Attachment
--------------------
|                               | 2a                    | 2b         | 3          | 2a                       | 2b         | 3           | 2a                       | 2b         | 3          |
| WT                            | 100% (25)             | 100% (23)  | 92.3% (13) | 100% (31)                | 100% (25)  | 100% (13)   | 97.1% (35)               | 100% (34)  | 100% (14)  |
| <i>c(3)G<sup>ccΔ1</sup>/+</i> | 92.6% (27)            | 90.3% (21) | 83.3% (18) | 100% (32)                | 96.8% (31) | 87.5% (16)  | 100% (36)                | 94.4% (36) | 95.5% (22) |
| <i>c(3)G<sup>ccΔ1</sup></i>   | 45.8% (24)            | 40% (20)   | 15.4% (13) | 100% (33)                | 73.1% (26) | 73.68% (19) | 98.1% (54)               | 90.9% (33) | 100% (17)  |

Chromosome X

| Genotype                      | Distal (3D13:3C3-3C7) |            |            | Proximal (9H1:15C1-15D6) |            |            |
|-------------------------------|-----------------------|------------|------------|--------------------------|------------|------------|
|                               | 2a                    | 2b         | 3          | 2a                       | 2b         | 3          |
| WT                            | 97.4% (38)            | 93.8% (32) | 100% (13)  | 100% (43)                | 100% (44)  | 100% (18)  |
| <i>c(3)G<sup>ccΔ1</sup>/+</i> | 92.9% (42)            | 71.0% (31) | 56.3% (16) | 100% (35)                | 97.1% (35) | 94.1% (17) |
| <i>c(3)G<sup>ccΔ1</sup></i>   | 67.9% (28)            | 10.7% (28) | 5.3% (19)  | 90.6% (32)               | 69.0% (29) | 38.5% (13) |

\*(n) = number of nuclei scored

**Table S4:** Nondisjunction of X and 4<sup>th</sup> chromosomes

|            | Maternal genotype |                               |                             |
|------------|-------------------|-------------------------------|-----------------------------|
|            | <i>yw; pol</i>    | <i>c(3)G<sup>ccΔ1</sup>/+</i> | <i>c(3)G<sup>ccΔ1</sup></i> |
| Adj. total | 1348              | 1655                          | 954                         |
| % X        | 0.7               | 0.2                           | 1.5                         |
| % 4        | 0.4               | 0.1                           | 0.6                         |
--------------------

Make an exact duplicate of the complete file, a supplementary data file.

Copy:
|                               | 2a                    | 2b         | 3          | 2a                       | 2b         | 3           | 2a                       | 2b         | 3          |
| WT                            | 100% (25)             | 100% (23)  | 92.3% (13) | 100% (31)                | 100% (25)  | 100% (13)   | 97.1% (35)               | 100% (34)  | 100% (14)  |
| <i>c(3)G<sup>ccΔ1</sup>/+</i> | 92.6% (27)            | 90.3% (21) | 83.3% (18) | 100% (32)                | 96.8% (31) | 87.5% (16)  | 100% (36)                | 94.4% (36) | 95.5% (22) |
| <i>c(3)G<sup>ccΔ1</sup></i>   | 45.8% (24)            | 40% (20)   | 15.4% (13) | 100% (33)                | 73.1% (26) | 73.68% (19) | 98.1% (54)               | 90.9% (33) | 100% (17)  |

Chromosome X

| Genotype                      | Distal (3D13:3C3-3C7) |            |            | Proximal (9H1:15C1-15D6) |            |            |
|-------------------------------|-----------------------|------------|------------|--------------------------|------------|------------|
|                               | 2a                    | 2b         | 3          | 2a                       | 2b         | 3          |
| WT                            | 97.4% (38)            | 93.8% (32) | 100% (13)  | 100% (43)                | 100% (44)  | 100% (18)  |
| <i>c(3)G<sup>ccΔ1</sup>/+</i> | 92.9% (42)            | 71.0% (31) | 56.3% (16) | 100% (35)                | 97.1% (35) | 94.1% (17) |
| <i>c(3)G<sup>ccΔ1</sup></i>   | 67.9% (28)            | 10.7% (28) | 5.3% (19)  | 90.6% (32)               | 69.0% (29) | 38.5% (13) |

\*(n) = number of nuclei scored

**Table S4:** Nondisjunction of X and 4<sup>th</sup> chromosomes

|            | Maternal genotype |                               |                             |
|------------|-------------------|-------------------------------|-----------------------------|
|            | <i>yw; pol</i>    | <i>c(3)G<sup>ccΔ1</sup>/+</i> | <i>c(3)G<sup>ccΔ1</sup></i> |
| Adj. total | 1348              | 1655                          | 954                         |
| % X        | 0.7               | 0.2                           | 1.5                         |
| % 4        | 0.4               | 0.1                           | 0.6                         |